Information is power, and the more you have, the better decisions you and your family can make. If you're not sure what to make of it all, you have plenty of company. 

Here is a guide just put out by US News and World Reports about how to decipher an aid package. And here is an excerpt from the Times pieces. I encourage you to read both, and the Times' reader comments.  
"An array of policy analysts from think tanks to the White House say things should change. “It’s a ridiculously complicated system, if you can even call it a system, and a lot of people don’t get it,” said Sandy Baum, a research professor at George Washington University’s graduate education school, a senior fellow at the Urban Institute and a leading expert on college pricing. “If you put five aid offers from different colleges together, they’re all different, and it’s very, very difficult to compare. That problem could be solved.”
"In fact, consumers have more tools than ever to decipher college prices and financial aid. College websites are required by law to have net-price calculators, to help people estimate what they would really pay, rather than relying on inflated sticker prices. The government’s own College Navigator provides a range of information on each institution, including costs. And the Obama administration’s financial aid “shopping sheet” aims to let people make apples-to-apples comparisons among colleges, just by using consistent definitions.
"But the price calculators, potentially powerful instruments, vary in thoroughness, ease of use and even accuracy, and most colleges do not use the shopping sheet, which is voluntary. Not only could the tools be better, but many students and parents are unaware of them." READ MORE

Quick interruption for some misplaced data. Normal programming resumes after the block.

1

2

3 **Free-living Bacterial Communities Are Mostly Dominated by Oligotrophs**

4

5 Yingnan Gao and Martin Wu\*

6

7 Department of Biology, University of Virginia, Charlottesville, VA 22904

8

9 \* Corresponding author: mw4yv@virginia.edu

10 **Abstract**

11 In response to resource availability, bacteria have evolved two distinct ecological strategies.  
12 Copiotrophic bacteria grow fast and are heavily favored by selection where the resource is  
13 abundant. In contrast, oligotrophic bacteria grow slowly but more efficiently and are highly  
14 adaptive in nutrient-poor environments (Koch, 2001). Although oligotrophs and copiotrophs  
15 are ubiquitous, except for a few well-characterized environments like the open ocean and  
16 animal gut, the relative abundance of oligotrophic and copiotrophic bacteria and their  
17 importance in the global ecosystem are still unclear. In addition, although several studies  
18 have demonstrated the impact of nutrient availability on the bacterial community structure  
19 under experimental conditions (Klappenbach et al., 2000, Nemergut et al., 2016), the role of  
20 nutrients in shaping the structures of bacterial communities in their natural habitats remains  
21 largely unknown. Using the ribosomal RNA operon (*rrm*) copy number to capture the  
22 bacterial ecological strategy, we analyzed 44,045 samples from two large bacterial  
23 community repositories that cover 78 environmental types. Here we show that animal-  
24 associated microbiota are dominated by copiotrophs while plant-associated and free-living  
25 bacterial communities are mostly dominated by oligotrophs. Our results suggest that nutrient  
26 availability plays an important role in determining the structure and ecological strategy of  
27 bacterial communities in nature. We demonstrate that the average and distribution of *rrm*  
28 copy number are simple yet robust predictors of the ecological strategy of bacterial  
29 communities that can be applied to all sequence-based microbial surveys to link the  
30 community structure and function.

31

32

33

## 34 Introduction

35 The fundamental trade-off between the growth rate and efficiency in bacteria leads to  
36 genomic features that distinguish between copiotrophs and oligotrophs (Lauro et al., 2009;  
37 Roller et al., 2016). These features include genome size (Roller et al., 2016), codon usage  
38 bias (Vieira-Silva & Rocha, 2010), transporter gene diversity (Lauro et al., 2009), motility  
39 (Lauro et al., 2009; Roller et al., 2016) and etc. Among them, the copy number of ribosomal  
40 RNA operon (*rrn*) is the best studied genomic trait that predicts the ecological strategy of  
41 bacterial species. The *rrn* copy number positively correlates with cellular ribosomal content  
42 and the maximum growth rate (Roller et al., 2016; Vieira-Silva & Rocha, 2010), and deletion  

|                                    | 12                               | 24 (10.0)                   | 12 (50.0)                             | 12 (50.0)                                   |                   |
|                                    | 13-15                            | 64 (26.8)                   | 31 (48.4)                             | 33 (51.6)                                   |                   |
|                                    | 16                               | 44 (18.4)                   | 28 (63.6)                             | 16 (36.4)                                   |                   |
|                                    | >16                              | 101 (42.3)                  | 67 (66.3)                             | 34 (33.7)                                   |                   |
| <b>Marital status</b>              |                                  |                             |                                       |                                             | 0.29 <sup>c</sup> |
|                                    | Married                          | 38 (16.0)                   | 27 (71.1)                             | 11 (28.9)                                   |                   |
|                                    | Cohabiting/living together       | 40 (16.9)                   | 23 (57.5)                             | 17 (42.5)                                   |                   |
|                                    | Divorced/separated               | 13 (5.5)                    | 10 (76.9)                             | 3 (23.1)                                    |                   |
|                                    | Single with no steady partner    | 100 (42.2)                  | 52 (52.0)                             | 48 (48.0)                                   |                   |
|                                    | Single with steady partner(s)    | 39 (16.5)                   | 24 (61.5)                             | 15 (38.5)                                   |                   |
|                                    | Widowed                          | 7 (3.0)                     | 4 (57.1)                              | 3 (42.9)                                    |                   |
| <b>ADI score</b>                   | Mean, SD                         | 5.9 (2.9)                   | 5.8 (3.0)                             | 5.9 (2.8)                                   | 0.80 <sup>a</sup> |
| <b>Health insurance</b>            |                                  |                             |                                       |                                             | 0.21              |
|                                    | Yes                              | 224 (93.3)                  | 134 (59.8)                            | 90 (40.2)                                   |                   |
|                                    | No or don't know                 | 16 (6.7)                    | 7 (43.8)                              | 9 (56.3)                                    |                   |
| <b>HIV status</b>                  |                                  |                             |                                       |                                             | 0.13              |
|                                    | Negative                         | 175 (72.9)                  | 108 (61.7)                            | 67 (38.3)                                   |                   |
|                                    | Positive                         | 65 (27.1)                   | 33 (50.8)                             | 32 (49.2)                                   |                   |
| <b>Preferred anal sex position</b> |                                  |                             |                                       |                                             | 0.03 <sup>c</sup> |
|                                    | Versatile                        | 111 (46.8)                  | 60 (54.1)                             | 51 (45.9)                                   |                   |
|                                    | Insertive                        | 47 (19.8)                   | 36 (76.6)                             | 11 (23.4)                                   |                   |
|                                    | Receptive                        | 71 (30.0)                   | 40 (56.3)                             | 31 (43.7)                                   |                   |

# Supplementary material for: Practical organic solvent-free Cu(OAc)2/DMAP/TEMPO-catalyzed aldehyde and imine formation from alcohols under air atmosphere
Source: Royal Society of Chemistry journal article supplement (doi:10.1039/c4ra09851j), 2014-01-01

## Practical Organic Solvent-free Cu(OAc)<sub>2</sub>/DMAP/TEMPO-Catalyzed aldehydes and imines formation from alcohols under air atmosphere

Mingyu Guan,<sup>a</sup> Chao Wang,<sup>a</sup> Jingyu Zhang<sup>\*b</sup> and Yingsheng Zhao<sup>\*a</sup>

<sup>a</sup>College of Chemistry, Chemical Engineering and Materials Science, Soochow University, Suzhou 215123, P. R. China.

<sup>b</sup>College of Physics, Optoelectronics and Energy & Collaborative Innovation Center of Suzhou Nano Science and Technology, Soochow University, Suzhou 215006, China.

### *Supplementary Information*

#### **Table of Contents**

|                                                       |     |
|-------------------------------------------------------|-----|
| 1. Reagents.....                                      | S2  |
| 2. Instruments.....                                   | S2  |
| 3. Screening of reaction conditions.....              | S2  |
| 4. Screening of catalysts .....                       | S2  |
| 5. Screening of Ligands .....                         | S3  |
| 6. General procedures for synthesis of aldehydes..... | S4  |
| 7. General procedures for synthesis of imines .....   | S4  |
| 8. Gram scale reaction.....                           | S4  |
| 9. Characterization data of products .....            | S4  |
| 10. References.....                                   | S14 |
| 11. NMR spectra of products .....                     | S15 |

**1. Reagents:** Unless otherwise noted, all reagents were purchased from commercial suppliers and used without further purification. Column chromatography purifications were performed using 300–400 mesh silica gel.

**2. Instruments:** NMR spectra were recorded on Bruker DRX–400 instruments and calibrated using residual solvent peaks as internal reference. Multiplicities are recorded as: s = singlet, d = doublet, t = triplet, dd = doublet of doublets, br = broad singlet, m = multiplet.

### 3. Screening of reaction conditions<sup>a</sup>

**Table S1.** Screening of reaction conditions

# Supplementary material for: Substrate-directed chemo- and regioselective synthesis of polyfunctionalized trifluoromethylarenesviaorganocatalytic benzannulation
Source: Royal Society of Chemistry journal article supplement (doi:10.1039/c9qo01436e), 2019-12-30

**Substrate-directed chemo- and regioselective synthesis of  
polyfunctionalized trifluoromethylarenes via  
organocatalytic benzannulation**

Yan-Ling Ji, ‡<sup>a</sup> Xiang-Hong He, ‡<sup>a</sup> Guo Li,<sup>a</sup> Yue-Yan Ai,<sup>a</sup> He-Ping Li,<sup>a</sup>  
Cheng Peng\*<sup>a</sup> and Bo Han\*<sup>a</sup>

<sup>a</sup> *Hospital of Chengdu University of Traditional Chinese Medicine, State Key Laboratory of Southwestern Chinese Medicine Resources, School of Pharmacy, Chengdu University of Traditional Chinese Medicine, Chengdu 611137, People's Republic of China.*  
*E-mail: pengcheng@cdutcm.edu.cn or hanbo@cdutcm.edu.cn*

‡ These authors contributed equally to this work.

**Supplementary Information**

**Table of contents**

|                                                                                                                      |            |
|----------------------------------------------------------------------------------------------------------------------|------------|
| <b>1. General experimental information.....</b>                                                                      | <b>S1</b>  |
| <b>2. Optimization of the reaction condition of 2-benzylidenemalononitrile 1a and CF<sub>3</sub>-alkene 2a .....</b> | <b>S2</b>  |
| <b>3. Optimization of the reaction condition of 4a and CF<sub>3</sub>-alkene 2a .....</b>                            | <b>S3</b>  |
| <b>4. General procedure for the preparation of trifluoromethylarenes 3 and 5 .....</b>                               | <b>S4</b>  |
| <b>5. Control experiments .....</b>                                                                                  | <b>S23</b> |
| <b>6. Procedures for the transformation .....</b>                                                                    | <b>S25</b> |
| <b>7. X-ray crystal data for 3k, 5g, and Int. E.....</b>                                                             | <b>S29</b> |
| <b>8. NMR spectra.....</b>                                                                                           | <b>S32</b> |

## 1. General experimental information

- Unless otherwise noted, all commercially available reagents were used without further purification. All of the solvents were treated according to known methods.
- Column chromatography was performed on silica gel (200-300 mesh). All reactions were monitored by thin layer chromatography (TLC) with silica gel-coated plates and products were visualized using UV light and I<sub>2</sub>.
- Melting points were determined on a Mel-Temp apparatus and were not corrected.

Tuesday, April 8, 2014

Bard College's Bold New Essay Admissions Program

Just out in The New York Times, some of the results of Bard College's bold new program, to ditch the regular college application process and invite students to write four long essays from "a menu of 21 scholarly topics."

"Helen Chen, a senior at a small public high school in San Francisco, is the kind of student who tries teachers’ patience.
“Honestly, in class when I’m not interested in something, because I understand it already, I kind of just stop paying attention,” she said.
"She is more than smart enough to handle the material — she did great on her SATs — but instead of listening to the day’s lessons, she sometimes follows her own curiosity, reading about philosophy, art history and other subjects her school does not offer.
"Behavior like that earned her a D in English class. It also made her a perfect candidate for the experiment that Bard College conductedthis year. In addition to the standard application, which emphasizes measures like grade point average, test scores, extracurricular activities and teacher recommendations, Bard for the first timeinvited prospective freshmen to dispense with all the preamble, and just write four long essays chosen from a menu of 21 scholarly topics. Very scholarly topics, like Immanuel Kant’s response to Benjamin Constant, absurdist Russian literature, prion disorders and artificial intelligence." READ MORE

The Elite Numbers Game~More College Applications Than Ever This Year

The New York Times just posted an article that paints a troubling picture of this year's applications and admissions numbers - more applicants are applying for the same number of spaces than ever, with Stanford's 5% admission rate leading the pack. Who gets in and who doesn't?

"Admissions directors at these institutions say that most of the students they turn down are such strong candidates that many are indistinguishable from those who get in."

The article includes numbers for ULCA as well as several Ivies, suggesting higher levels of competition for spaces across the spectrum of universities and students. There is nothing simple in these equations. There are many forces at work that drive up these numbers and drive down the percentages, from the recruiting done by many colleges and universities - enticing students to apply who don't have a chance of getting in - to the increasing numbers of wealthy foreign students applying and being accepted, in part because they do not need financial aid, to the ease of applying to many schools through the Common Application.